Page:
The B-17 was a legendary aircraft among aircrews during World War II. Because of the amount of damage the planes could withstand, they earned the nickname of the Flying Fortress. The extra armor on the Fortress not only protected the plane from enemy fire in battle–if something did go wrong, the B-17 was better-protected in a crash-landing.
December 14, 1942 started out like any other day for Lt. Ealon S. Hocutt. That day, Hocutt had his crew plus Lt. Charles B. Downer’s crew on his plane, as he was ferrying them to Milne Bay. After packing 20 people into B-17 #550, the plane took off in calm weather from Seven Mile Drome and climbed approximately 500 feet when trouble began: the #4 engine went dead. To compromise for the loss of power, Hocutt increased power to the remaining engines only to have the #2 engine cut out, followed by the #1 engine.
The B-17 began to descend rapidly on the single working engine and Hocutt looked for a place to land. He glided over Bootless Bay, touching down on the water at 140 miles per hour. The drag created by the ball turret underneath the fuselage split open the bottom of the plane as it skidded to a halt. All things considered, it was a smooth landing, thanks to Hocutt’s skill at the controls and the good weather.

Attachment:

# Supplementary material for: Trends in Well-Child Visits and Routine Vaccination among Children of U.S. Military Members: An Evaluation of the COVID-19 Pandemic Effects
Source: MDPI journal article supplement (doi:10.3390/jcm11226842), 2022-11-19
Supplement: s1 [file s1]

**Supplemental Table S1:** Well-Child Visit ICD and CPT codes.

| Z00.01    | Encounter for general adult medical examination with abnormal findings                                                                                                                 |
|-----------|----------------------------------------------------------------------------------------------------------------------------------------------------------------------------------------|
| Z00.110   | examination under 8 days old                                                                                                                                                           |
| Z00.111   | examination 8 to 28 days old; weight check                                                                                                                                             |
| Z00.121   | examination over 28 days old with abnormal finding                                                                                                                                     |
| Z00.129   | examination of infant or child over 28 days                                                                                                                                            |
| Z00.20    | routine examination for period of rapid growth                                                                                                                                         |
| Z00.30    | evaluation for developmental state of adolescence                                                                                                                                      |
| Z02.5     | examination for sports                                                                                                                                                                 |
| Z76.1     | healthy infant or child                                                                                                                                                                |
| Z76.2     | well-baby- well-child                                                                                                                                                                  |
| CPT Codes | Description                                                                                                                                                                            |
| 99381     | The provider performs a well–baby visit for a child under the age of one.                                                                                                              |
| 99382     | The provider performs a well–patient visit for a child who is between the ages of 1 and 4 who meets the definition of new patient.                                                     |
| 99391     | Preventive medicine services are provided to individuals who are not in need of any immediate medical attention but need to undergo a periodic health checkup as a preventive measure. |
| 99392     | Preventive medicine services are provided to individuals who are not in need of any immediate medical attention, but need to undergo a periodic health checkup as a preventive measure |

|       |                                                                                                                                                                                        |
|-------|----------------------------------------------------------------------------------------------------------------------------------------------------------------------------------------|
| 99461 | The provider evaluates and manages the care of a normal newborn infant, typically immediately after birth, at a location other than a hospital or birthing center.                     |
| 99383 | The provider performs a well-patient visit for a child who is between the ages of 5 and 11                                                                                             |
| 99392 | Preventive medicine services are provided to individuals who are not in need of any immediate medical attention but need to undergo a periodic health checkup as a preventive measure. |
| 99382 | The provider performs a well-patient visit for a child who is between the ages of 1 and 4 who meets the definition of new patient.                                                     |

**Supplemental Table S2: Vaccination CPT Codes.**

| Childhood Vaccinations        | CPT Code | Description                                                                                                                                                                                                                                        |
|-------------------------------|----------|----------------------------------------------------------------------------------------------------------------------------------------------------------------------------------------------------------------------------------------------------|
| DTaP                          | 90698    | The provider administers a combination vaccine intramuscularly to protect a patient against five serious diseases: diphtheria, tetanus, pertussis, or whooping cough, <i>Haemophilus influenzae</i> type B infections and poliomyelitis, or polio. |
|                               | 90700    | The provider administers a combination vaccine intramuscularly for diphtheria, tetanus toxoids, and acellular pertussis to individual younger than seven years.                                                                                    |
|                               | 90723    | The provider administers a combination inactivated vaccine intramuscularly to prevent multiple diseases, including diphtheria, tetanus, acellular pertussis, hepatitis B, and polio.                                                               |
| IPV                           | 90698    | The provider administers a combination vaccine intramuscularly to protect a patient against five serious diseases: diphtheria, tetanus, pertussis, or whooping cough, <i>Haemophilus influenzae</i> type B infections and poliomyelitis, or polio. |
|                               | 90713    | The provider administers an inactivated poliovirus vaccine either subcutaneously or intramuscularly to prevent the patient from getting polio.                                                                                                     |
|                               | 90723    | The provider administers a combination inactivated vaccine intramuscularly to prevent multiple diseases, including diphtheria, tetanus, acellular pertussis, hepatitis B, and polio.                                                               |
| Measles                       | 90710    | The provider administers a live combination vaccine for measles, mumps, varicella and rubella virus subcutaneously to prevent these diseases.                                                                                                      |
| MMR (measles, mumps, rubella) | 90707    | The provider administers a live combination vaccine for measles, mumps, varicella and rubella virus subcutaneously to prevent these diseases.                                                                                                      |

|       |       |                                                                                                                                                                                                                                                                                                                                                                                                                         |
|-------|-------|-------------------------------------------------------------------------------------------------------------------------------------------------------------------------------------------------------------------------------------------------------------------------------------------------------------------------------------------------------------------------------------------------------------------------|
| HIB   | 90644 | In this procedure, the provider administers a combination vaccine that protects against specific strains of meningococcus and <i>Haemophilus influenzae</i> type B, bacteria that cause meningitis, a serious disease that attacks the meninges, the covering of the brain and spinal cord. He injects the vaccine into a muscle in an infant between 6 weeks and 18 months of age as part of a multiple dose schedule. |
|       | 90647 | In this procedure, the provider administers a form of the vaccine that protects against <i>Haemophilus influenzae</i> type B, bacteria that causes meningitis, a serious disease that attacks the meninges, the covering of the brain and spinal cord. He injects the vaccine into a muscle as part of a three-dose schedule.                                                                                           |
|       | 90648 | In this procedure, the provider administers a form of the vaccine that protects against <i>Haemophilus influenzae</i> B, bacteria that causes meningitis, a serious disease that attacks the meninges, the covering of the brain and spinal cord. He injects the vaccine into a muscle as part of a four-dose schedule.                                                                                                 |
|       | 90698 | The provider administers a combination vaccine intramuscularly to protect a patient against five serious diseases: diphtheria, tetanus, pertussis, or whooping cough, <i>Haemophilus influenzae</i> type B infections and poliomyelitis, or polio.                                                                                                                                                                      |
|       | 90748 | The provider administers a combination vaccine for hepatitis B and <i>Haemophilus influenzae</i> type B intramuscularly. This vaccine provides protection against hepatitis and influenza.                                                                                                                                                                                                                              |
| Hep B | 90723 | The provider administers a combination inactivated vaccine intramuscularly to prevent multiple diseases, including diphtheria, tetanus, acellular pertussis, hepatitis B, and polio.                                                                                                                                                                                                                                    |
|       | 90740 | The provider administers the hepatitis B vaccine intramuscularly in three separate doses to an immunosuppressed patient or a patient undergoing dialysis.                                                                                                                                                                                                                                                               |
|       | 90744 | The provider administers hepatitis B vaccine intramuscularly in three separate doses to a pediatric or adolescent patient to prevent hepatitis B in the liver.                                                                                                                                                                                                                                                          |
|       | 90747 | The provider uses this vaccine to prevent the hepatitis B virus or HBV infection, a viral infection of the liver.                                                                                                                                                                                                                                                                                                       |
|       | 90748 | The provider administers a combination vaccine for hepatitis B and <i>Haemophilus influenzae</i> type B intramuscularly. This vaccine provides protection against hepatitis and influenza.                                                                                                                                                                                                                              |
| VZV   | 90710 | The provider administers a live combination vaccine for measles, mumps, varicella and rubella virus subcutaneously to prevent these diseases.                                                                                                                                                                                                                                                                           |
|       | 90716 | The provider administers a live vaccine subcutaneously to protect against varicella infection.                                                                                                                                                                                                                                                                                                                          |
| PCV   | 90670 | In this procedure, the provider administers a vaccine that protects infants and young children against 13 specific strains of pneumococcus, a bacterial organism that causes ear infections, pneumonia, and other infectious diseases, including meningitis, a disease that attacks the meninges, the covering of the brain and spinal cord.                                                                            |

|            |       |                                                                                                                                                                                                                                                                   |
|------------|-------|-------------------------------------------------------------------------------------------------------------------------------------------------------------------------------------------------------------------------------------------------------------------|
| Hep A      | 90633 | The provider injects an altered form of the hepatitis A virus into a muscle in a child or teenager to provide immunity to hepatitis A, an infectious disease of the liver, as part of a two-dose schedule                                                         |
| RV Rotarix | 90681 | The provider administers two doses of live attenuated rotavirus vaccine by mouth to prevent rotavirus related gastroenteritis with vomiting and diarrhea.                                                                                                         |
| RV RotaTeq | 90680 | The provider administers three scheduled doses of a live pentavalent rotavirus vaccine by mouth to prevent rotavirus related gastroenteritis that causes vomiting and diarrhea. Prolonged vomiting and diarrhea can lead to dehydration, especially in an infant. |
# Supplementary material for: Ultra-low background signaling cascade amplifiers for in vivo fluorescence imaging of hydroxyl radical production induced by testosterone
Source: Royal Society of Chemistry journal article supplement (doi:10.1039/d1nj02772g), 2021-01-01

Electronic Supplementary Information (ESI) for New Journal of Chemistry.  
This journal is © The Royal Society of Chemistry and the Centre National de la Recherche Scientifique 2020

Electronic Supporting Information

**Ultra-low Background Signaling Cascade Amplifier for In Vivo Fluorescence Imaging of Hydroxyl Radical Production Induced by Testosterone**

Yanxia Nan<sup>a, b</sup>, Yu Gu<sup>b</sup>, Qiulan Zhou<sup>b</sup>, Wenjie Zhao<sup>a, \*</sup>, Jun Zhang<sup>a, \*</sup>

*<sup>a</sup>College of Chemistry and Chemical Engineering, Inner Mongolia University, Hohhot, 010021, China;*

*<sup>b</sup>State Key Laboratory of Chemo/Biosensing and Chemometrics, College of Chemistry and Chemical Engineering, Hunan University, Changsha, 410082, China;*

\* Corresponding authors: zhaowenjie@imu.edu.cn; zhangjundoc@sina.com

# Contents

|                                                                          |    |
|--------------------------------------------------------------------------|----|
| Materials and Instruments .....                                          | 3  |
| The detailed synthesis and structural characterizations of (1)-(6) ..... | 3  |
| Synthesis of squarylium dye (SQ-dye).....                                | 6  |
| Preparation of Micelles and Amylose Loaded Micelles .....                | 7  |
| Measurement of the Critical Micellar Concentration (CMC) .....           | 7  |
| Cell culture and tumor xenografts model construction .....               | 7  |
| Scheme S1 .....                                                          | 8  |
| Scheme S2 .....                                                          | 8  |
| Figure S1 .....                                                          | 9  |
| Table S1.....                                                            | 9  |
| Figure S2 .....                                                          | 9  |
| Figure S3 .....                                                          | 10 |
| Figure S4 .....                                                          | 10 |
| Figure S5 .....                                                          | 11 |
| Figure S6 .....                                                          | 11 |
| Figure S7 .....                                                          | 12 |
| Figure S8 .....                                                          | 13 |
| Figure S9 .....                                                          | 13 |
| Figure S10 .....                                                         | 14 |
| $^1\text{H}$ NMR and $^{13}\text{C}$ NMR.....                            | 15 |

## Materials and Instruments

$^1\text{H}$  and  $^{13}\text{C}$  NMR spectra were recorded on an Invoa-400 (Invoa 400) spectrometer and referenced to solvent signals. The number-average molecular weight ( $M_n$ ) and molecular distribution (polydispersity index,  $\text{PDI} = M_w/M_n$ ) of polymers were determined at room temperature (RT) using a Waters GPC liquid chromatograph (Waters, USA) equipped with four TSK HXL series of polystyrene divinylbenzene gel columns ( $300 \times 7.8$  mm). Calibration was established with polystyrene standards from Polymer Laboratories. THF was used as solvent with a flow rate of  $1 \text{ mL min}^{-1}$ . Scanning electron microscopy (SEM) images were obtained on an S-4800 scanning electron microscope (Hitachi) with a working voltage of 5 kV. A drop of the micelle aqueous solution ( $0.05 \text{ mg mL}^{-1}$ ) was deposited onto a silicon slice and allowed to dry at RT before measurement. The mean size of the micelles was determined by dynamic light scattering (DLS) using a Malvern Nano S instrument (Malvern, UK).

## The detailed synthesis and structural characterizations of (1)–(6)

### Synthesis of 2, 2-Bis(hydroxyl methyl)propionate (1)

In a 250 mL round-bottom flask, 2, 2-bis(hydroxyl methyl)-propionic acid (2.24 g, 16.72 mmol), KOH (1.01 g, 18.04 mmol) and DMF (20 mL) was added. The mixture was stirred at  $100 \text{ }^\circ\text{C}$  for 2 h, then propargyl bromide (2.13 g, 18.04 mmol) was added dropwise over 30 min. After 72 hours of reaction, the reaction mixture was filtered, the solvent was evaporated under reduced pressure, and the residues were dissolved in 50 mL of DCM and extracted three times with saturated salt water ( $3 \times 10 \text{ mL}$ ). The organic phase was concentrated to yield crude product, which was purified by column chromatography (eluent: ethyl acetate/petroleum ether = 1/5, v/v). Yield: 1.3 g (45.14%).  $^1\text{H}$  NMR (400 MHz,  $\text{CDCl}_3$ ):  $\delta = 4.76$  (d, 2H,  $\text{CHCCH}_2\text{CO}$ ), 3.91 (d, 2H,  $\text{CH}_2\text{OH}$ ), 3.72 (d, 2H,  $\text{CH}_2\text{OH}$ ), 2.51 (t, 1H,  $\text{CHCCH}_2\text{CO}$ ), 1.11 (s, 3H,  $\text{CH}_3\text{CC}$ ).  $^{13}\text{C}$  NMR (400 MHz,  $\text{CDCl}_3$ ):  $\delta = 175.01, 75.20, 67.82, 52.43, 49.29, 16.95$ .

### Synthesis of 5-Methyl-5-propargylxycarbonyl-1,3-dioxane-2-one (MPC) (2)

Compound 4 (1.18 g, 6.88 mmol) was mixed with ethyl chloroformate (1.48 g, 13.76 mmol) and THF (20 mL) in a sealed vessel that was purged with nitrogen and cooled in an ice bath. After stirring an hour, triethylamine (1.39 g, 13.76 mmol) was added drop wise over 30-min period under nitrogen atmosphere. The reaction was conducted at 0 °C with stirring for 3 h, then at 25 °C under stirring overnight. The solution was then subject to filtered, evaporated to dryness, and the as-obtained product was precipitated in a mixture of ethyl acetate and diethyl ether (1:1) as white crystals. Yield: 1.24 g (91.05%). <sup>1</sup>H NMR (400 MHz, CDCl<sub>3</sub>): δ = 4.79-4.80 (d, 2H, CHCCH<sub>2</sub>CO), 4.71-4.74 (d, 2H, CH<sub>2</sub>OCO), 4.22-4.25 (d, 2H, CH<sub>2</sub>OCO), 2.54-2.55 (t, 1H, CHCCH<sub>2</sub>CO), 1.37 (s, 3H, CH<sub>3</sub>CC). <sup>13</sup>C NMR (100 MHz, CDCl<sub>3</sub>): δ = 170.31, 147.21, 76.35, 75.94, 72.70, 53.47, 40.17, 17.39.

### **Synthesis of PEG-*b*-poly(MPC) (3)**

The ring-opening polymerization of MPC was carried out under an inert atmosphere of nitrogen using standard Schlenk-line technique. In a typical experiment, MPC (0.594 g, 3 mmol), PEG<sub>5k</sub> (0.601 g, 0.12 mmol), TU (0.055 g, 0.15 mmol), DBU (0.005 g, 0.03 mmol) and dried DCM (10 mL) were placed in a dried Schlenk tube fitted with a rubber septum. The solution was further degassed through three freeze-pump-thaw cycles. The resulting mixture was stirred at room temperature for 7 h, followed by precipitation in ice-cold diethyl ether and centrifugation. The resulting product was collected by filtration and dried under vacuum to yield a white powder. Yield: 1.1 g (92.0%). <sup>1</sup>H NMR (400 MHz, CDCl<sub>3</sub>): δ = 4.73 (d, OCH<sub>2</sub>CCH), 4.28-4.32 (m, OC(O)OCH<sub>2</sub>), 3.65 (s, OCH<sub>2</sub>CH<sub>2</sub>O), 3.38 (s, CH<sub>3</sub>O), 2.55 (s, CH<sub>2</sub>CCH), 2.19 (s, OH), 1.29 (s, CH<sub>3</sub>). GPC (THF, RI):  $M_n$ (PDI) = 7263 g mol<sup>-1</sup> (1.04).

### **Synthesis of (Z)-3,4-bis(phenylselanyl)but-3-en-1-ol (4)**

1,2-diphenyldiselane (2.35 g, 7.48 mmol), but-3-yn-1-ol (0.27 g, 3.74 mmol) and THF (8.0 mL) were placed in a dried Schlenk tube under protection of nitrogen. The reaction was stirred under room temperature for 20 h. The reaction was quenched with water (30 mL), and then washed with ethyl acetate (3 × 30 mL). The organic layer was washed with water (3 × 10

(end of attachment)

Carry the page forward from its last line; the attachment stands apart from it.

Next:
The crews escaped with just two injured men, one on the head, and the other in the leg. The rest of the crew scrambled to get their injured crewmembers into life rafts before the plane sank, but the touchdown must have damaged the lift raft release; they didn’t inflate on impact or from the inside release hatch. Fortunately, the manual release hatch on the outside of the plane worked just fine. Each life raft carried an injured man as well as a few crewmembers and they safely rowed to shore.
Wary of sharks, Hocutt and the rest of the airmen that didn’t row to shore sat on the B-17’s wings and decided to wait for a friendly ship rather than risk a few-hundred yard swim to dry land. As they sat, something very unusual happened. The plane, which had been sinking, suddenly stopped. In fact, #550 had settled on a coral reef, where it remained for over a year.
As for the men waiting to get off the B-17, Australians at a nearby gun emplacement had seen the incident. They reported it to a rescue boat, which arrived at dusk.
This exciting story can be found in Ken’s Men Against the Empire, Volume I. Order your copy now!